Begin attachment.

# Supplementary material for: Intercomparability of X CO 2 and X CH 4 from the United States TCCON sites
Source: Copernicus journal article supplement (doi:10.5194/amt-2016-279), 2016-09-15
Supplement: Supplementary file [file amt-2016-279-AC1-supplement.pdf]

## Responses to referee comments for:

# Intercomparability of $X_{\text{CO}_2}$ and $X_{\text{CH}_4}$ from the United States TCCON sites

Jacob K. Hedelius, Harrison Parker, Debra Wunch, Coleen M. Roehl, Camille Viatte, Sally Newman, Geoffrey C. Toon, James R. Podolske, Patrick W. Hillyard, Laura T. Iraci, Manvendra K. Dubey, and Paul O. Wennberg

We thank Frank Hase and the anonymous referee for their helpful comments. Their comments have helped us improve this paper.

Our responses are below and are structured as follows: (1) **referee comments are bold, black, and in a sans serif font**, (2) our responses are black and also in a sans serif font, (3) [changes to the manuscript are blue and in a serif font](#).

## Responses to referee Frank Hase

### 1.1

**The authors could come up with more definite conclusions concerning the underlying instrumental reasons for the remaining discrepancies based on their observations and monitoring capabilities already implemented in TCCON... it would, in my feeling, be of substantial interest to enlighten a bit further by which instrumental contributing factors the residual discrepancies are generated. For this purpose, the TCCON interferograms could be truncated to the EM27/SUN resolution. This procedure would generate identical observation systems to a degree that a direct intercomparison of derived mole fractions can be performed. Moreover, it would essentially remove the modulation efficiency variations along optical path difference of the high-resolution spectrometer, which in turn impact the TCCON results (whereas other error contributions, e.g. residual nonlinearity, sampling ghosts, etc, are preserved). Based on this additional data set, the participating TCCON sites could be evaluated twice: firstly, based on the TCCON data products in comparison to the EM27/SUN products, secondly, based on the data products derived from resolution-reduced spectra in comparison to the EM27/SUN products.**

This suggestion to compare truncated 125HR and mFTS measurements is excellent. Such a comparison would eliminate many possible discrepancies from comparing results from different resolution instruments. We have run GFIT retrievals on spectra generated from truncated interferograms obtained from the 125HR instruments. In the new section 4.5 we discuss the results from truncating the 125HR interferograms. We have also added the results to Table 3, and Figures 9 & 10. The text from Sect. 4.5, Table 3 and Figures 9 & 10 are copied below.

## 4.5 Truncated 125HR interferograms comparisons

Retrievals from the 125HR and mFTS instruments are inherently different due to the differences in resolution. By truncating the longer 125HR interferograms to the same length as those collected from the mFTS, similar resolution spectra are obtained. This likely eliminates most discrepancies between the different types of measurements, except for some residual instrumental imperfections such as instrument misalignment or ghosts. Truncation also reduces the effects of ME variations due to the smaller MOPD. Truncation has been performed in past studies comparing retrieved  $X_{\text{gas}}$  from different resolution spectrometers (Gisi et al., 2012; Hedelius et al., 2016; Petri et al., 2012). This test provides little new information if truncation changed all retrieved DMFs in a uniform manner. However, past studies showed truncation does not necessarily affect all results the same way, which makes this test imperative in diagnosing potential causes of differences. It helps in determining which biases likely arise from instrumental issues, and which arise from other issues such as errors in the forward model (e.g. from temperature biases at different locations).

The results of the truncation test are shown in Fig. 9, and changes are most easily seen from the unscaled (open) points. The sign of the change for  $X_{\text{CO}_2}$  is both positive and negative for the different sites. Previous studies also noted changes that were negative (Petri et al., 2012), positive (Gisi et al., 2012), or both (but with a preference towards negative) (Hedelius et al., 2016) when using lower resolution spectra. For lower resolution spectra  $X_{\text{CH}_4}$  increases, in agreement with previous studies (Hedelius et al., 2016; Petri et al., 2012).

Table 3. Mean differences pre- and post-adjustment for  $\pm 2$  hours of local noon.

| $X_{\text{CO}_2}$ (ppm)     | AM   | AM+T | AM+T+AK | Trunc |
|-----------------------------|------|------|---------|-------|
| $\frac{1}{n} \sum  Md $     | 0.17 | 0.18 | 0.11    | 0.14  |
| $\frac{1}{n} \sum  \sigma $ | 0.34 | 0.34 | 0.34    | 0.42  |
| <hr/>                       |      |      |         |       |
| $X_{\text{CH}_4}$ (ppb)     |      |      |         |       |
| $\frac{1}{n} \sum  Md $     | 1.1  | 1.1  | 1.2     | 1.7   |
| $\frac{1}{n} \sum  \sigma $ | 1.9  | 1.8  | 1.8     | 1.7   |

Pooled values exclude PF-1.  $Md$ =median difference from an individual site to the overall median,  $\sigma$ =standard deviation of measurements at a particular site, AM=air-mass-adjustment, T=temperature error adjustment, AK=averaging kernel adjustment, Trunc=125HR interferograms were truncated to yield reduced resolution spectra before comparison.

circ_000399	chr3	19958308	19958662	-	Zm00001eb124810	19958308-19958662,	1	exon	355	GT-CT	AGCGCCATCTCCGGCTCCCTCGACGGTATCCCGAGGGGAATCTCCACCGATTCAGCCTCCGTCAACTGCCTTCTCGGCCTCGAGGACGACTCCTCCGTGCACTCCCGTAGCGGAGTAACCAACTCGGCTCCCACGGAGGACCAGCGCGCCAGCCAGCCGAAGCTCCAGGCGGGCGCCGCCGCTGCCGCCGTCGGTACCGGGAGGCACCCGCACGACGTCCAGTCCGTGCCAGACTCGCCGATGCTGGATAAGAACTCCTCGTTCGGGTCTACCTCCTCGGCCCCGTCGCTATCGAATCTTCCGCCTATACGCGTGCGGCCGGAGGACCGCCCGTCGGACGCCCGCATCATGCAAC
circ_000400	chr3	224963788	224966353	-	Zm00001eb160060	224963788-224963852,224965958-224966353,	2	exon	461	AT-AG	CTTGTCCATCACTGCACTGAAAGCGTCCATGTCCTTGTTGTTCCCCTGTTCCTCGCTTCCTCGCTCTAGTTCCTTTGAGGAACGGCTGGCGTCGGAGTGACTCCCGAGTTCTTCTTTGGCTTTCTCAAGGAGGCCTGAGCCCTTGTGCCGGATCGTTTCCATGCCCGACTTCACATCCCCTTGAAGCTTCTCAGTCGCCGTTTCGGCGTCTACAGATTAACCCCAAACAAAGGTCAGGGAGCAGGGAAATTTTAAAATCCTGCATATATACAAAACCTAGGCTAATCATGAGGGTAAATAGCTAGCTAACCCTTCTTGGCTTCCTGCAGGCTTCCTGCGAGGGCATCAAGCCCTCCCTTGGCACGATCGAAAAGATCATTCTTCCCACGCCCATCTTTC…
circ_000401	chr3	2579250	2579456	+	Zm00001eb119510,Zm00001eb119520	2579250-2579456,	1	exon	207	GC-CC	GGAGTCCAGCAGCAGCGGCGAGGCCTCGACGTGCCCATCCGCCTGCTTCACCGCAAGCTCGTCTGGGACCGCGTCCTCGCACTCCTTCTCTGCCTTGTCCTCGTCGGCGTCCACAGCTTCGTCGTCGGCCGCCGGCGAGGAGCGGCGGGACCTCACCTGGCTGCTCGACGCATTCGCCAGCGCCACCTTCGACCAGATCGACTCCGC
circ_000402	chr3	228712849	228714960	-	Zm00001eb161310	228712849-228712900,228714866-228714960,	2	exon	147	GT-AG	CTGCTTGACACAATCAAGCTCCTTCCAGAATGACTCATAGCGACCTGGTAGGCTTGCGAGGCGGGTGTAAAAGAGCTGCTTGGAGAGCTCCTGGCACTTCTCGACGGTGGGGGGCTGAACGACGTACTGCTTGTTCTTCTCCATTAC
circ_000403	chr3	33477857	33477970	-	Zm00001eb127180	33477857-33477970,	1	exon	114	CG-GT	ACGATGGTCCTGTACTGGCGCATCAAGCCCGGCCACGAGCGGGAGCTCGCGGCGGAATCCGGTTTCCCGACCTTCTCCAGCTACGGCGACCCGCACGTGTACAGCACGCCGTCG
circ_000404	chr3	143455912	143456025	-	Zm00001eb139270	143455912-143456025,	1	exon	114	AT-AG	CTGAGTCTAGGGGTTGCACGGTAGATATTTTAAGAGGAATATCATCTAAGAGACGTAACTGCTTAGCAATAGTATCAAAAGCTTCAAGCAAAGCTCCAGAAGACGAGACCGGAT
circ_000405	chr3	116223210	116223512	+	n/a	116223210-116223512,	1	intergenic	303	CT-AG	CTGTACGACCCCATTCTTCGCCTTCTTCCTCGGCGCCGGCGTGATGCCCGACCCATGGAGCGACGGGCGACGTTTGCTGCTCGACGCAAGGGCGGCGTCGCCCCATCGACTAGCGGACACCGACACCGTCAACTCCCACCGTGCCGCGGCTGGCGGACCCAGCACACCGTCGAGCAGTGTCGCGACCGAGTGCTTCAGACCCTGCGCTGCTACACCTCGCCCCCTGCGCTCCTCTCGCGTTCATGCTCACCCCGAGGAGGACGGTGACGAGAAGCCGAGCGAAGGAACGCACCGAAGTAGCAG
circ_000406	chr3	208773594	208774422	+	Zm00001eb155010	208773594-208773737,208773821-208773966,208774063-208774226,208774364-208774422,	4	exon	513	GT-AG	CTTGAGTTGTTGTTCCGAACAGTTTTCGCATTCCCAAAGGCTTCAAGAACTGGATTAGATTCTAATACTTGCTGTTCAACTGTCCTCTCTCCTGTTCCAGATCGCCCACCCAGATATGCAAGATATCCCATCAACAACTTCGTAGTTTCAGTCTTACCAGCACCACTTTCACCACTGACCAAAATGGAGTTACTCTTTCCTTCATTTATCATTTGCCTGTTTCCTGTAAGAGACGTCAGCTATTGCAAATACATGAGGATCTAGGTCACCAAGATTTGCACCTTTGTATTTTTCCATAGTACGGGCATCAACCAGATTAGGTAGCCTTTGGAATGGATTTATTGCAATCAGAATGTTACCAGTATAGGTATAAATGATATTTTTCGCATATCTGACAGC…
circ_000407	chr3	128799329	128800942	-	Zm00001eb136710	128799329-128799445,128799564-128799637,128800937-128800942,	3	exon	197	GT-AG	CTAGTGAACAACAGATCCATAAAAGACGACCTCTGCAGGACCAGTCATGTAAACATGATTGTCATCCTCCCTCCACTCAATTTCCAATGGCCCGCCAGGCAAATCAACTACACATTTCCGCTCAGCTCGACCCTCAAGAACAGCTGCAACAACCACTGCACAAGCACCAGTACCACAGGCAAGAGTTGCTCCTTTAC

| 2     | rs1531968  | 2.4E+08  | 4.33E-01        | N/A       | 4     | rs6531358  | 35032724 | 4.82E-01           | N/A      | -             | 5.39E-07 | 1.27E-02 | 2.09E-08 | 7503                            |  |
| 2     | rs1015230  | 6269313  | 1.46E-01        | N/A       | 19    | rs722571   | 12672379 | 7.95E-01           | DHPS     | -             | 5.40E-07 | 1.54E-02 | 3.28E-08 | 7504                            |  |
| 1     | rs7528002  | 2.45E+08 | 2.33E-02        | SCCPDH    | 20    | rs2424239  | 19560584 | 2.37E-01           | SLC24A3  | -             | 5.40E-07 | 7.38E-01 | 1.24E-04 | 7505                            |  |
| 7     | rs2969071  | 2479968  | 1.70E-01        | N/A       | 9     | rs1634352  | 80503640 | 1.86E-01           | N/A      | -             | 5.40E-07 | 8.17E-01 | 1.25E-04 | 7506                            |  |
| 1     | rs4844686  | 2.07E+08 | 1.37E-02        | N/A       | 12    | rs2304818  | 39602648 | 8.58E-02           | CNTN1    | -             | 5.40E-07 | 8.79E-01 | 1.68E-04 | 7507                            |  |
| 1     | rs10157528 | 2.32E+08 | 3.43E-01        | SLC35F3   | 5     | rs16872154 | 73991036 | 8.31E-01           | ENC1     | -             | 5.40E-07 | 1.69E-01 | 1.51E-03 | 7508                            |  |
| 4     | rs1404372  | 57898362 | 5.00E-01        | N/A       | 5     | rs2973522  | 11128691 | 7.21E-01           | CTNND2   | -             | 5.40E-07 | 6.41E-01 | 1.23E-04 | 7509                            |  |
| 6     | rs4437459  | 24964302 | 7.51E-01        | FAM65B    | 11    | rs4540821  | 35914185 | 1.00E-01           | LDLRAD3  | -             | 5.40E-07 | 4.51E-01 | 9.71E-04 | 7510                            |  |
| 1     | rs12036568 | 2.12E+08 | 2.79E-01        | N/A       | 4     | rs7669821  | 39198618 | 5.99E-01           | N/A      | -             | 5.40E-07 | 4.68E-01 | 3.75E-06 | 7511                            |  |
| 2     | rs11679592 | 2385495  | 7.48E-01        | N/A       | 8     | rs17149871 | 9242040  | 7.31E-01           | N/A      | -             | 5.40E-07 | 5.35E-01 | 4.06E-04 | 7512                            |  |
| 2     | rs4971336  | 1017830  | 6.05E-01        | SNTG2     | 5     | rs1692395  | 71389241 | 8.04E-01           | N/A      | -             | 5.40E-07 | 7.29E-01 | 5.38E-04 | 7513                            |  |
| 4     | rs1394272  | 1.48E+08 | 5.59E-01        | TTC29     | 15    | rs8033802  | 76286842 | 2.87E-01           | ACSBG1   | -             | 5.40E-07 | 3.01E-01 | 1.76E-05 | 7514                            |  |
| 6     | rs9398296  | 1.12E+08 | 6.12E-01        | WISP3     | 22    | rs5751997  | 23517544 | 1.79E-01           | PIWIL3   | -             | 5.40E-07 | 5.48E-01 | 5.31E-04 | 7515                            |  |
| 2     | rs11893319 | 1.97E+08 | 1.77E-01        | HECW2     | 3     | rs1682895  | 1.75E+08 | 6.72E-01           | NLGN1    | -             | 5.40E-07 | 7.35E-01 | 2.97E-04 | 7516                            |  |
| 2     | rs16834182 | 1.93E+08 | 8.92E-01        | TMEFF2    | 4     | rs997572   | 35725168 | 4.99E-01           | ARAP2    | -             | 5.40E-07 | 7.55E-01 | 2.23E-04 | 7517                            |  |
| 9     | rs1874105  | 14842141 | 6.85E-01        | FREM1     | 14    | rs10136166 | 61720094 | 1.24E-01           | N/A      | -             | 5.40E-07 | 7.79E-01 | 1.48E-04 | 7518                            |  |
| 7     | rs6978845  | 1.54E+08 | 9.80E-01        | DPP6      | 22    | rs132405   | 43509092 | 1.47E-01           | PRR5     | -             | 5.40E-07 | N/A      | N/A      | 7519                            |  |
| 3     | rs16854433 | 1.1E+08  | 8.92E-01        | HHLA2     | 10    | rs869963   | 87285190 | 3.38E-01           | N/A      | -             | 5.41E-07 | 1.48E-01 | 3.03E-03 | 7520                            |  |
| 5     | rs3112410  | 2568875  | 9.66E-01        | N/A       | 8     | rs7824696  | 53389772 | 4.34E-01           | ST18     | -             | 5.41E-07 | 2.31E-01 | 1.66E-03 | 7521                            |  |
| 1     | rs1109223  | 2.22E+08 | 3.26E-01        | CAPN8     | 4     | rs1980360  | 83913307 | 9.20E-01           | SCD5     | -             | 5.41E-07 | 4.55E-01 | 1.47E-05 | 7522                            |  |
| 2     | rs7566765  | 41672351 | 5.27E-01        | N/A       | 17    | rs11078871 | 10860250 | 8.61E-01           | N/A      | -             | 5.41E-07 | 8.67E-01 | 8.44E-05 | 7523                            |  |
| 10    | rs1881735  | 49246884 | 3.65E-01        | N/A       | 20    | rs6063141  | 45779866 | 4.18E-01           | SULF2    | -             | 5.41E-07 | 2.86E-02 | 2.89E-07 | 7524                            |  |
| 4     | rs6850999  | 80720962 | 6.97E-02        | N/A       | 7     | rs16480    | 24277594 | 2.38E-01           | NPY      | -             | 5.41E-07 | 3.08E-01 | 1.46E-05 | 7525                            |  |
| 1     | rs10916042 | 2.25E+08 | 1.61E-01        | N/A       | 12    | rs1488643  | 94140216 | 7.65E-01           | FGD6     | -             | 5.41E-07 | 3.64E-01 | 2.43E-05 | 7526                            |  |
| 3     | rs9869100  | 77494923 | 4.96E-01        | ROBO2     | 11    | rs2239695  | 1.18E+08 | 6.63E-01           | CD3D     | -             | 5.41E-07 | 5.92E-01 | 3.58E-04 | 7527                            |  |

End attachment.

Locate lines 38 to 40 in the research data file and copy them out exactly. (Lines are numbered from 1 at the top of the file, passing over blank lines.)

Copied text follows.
| 7     | rs2969071  | 2479968  | 1.70E-01        | N/A       | 9     | rs1634352  | 80503640 | 1.86E-01           | N/A      | -             | 5.40E-07 | 8.17E-01 | 1.25E-04 | 7506                            |  |
| 1     | rs4844686  | 2.07E+08 | 1.37E-02        | N/A       | 12    | rs2304818  | 39602648 | 8.58E-02           | CNTN1    | -             | 5.40E-07 | 8.79E-01 | 1.68E-04 | 7507                            |  |
| 1     | rs10157528 | 2.32E+08 | 3.43E-01        | SLC35F3   | 5     | rs16872154 | 73991036 | 8.31E-01           | ENC1     | -             | 5.40E-07 | 1.69E-01 | 1.51E-03 | 7508                            |  |